In criminal law, a person is 'entrapped' when he is induced or persuaded by law enforcement officers or their agents to commit a crime that he had no previous intent to commit. A defendant who is subject to entrapment may not be convicted as a matter of public policy.
However, there is no entrapment where a person is ready and willing to break the law and the government agents merely provide what appears to be a favorable opportunity for the person to commit the crime. In order to be found to be a victim of entrapment, the entrapped person must have been willing and willing to commit the crime prior to the alleged entrapment. The mere providing of an opportunity to commit a crime is not entrapment. In order to find entrapment, there must be persuasion to commit a crime by the entrapping party.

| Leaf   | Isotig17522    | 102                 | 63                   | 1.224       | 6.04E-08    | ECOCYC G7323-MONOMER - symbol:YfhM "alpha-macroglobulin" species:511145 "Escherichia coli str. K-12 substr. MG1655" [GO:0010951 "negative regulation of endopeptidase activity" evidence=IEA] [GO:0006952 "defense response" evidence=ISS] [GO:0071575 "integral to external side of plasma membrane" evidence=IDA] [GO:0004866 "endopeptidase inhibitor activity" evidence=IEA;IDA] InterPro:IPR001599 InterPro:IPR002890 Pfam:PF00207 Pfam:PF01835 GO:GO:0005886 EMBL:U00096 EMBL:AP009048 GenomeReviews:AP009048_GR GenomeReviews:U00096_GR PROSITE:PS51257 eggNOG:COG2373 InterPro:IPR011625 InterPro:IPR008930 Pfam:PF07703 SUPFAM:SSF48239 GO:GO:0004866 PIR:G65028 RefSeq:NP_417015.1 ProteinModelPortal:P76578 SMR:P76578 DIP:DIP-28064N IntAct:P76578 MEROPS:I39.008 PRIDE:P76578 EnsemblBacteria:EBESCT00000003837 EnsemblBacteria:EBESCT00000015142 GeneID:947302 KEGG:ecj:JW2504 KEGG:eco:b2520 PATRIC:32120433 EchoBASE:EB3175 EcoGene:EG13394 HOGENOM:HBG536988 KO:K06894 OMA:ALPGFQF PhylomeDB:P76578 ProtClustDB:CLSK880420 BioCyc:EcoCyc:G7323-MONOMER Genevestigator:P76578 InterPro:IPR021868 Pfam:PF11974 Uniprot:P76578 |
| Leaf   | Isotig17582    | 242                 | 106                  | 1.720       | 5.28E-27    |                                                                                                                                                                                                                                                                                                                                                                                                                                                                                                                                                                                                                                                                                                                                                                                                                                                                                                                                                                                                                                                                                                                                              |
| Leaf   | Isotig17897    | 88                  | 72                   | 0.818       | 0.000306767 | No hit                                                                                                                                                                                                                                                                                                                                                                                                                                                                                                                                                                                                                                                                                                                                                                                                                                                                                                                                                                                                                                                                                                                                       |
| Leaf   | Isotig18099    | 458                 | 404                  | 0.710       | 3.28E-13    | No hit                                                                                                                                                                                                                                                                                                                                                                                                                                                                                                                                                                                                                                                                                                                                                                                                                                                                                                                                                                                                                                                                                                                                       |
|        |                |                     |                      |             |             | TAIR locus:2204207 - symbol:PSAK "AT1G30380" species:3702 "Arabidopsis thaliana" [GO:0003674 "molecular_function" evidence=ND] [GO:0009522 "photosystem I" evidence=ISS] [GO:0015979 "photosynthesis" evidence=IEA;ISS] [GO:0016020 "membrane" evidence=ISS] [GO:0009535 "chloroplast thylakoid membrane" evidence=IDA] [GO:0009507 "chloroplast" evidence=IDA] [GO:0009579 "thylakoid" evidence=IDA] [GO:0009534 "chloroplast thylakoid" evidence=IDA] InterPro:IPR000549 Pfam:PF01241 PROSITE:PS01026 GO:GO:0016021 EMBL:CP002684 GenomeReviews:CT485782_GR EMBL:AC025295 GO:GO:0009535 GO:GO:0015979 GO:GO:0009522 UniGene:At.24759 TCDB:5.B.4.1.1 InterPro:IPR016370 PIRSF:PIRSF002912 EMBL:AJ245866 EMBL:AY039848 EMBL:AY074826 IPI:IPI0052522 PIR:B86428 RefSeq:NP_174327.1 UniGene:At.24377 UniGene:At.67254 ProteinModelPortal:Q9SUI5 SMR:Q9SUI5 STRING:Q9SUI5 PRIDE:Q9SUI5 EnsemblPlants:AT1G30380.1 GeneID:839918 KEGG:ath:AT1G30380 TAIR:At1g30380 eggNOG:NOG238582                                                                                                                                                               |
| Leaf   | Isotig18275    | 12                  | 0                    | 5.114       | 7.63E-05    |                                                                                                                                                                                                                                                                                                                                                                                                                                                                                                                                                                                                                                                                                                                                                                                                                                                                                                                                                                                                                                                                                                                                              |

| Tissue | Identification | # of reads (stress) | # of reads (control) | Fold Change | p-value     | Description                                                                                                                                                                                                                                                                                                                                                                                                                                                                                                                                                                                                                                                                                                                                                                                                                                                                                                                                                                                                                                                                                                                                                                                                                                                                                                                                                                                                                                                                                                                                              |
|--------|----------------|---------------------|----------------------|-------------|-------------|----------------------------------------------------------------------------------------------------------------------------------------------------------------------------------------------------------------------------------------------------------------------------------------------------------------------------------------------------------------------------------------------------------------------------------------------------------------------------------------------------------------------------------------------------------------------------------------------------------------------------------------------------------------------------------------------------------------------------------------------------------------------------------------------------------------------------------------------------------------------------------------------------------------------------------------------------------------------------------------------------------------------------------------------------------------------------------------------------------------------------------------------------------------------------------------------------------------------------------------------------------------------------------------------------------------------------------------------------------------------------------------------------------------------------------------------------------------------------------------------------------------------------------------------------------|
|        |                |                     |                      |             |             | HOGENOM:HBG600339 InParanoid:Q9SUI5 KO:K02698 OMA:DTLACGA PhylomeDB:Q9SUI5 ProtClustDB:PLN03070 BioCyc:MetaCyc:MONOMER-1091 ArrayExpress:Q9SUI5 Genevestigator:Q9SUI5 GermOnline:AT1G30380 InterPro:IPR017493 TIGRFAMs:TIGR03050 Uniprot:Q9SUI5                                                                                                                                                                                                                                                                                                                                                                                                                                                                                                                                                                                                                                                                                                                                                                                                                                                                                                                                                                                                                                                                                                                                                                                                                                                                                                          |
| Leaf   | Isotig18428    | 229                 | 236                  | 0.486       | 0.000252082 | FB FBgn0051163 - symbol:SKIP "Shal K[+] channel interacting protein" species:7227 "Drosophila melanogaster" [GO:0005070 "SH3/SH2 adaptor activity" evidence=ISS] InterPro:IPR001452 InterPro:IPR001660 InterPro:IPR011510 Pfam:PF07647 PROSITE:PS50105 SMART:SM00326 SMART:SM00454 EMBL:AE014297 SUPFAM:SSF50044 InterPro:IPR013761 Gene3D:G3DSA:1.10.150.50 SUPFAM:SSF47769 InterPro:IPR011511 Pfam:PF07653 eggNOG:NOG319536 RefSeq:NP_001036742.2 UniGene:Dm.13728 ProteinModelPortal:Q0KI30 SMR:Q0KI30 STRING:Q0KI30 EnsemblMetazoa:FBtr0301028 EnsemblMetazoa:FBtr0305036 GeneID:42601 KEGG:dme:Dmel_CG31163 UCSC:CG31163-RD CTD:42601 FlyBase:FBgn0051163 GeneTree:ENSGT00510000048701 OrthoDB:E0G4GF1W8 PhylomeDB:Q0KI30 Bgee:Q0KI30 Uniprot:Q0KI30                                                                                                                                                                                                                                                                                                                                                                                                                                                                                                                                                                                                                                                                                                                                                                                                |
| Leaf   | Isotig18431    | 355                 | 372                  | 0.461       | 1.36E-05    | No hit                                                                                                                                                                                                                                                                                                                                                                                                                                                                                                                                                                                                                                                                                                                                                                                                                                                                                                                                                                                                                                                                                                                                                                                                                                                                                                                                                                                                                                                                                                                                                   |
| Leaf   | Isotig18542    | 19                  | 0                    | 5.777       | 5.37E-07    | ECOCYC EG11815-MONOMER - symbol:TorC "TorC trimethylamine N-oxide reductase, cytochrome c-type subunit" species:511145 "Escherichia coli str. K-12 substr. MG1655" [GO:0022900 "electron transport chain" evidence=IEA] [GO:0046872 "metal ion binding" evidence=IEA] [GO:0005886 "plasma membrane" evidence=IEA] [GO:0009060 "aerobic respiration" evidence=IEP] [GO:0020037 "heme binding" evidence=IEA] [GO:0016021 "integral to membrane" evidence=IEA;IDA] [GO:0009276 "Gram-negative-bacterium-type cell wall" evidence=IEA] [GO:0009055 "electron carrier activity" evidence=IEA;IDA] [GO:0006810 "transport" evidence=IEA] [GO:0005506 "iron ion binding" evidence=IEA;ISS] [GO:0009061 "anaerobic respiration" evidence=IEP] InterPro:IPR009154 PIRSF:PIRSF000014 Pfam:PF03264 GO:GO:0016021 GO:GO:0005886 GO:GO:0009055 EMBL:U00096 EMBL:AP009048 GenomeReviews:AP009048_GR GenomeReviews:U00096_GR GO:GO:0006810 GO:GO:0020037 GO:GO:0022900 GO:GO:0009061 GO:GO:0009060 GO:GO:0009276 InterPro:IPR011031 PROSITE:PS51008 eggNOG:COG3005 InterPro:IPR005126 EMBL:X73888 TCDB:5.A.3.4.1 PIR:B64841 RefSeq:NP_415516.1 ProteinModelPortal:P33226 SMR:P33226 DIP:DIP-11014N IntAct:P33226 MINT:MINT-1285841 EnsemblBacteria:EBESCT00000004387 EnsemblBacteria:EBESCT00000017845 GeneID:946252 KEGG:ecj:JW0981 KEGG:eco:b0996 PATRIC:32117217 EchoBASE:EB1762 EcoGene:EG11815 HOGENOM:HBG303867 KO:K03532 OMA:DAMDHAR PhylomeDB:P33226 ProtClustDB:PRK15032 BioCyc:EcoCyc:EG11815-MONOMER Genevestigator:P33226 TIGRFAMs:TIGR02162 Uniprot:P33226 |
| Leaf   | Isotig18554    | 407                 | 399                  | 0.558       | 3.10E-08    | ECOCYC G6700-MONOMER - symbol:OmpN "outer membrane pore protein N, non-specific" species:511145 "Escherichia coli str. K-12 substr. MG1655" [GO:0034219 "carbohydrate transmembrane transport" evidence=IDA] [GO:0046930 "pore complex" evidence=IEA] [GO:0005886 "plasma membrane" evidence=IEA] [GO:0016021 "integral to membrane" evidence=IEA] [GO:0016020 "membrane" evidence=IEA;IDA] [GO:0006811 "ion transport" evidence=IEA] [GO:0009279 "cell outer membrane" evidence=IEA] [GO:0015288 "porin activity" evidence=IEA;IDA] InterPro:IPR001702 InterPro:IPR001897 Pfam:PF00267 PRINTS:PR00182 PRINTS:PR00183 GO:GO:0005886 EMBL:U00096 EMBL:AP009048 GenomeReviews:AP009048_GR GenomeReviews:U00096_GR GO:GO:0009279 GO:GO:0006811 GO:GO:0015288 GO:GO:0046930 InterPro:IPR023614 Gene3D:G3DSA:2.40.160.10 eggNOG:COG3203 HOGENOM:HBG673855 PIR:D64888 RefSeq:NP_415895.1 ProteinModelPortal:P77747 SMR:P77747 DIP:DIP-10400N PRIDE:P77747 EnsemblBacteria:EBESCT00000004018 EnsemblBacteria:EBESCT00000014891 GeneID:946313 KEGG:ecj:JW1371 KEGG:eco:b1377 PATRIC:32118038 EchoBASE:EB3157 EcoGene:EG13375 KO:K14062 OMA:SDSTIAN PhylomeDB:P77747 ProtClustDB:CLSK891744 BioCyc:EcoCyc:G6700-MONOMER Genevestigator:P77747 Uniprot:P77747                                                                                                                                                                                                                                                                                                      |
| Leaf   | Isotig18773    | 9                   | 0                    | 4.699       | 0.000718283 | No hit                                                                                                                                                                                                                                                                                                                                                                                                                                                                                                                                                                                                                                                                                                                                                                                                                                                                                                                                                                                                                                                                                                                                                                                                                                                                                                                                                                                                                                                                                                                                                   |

Entrapment is an affirmative defense in which the defendant has the burden of proof. It excuses a criminal defendant from liability for crimes proved to have been induced by certain governmental persuasion or deceit. To claim inducement, a defendant must demonstrate that the government conduct created a situation in which an otherwise law-abiding citizen would commit an offense. The defendant must show that he or she was unduly persuaded, threatened, coerced, harassed or offered pleas based on sympathy or friendship by police.